- See the chapter on "Russian, Czech, Polish and Hungarian Opera to 1900" by John Tyrrell in The Oxford Illustrated History of Opera (1994).
- Abazov, Rafis (2007). Culture and Customs of the Central Asian Republics, pp. 144–45. Greenwood Publishing Group, ISBN 0313336563
- Igmen, Ali F. (2012). Speaking Soviet with an Accent, p. 163. University of Pittsburgh Press. ISBN 0822978091
- World Encyclopedia of Contemporary Theatre: Asia/ Pacific, p. 140 Series Rubin – 1998 "Western-style opera (also known as High Opera) exists alongside the many Beijing Opera groups. The Central ... Operas of note by Chinese composers include A Girl With White Hair written in the 1940s, Red Squad in Hong Hu and Jiang Jie."
- Zicheng Hong, A History of Contemporary Chinese Literature, 2007, p. 227: "Written in the early 1940s, for a long time The White-Haired Girl was considered a model of new western-style opera in China."
- Biographical Dictionary of Chinese Women – Volume 2 – p. 145 Lily Xiao Hong Lee, A. D. Stefanowska, Sue Wiles – 2003 "... of the PRC, Zheng Lücheng was active in his work as a composer; he wrote the music for the Western-style opera Cloud Gazing."
- Chris Walton, "Neo-classical opera" in Cooke, p. 108.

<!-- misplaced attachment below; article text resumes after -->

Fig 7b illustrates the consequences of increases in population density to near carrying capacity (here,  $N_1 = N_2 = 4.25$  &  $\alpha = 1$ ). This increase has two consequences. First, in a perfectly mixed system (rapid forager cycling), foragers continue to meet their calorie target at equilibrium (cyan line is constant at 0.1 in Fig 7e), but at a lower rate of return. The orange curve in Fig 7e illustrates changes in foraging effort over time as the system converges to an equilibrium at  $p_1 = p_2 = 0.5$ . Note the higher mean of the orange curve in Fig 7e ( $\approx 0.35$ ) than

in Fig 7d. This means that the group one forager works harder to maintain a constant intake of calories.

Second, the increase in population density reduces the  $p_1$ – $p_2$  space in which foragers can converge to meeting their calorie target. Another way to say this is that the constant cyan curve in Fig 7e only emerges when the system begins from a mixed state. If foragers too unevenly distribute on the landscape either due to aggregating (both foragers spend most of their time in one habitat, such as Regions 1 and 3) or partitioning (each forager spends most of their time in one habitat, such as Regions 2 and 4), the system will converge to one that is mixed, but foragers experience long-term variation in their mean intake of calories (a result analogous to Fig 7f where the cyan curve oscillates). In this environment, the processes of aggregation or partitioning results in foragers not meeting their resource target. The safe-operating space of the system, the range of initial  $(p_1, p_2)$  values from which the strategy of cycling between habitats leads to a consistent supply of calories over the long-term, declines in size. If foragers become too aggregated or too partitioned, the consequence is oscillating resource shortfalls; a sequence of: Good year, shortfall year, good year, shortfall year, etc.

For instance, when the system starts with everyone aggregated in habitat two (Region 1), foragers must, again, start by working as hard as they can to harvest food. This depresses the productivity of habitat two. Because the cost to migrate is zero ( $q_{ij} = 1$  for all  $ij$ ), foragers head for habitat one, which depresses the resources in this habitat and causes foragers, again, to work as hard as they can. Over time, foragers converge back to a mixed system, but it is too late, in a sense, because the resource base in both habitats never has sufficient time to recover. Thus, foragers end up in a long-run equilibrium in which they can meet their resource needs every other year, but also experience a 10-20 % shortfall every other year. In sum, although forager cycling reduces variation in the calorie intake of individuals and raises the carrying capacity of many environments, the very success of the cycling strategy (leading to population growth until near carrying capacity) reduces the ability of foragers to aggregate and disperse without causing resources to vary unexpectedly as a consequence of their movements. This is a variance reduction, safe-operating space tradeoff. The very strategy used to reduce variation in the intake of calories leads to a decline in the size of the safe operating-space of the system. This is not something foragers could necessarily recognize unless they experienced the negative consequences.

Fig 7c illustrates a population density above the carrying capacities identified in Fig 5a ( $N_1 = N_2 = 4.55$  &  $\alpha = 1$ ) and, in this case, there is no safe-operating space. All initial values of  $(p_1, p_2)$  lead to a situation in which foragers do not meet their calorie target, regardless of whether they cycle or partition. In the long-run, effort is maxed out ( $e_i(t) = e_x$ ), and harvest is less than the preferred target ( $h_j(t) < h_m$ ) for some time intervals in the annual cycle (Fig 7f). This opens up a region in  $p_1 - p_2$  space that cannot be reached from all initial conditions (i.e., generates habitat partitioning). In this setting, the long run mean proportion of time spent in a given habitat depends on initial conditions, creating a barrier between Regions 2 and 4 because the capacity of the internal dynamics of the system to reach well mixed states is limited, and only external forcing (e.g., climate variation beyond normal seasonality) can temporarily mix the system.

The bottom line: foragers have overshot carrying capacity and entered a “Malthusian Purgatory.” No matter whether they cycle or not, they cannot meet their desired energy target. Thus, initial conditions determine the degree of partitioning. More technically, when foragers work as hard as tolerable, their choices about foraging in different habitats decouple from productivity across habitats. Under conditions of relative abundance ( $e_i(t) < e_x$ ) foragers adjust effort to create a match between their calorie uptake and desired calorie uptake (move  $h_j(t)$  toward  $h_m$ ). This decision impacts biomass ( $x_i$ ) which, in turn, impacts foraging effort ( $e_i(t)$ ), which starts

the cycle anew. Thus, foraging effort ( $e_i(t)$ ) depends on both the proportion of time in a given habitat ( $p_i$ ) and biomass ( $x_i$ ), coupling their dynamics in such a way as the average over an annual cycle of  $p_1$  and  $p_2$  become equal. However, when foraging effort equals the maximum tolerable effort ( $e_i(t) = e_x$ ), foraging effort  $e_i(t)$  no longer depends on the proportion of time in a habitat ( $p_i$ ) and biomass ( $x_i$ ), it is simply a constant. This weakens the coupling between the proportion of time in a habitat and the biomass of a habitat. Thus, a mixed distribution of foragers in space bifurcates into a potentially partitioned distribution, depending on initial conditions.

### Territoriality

- Stravinsky had already turned away from the modernist trends of his early ballets to produce small-scale works that do not fully qualify as opera, yet certainly contain many operatic elements, including Renard (1916: "a burlesque in song and dance") and The Soldier's Tale (1918: "to be read, played, and danced"; in both cases the descriptions and instructions are those of the composer). In the latter, the actors declaim portions of speech to a specified rhythm over instrumental accompaniment, peculiarly similar to the older German genre of Melodrama.
- Oxford Illustrated History of Opera, Chapter 8; The Viking Opera Guide articles on Schoenberg, Berg and Stravinsky; Malcolm MacDonald Schoenberg (Dent,1976); Francis Routh, Stravinsky (Dent, 1975).
- Wakin, Daniel J. (17 February 2011). "Met Backtracks on Drop in Average Audience Age". The New York Times.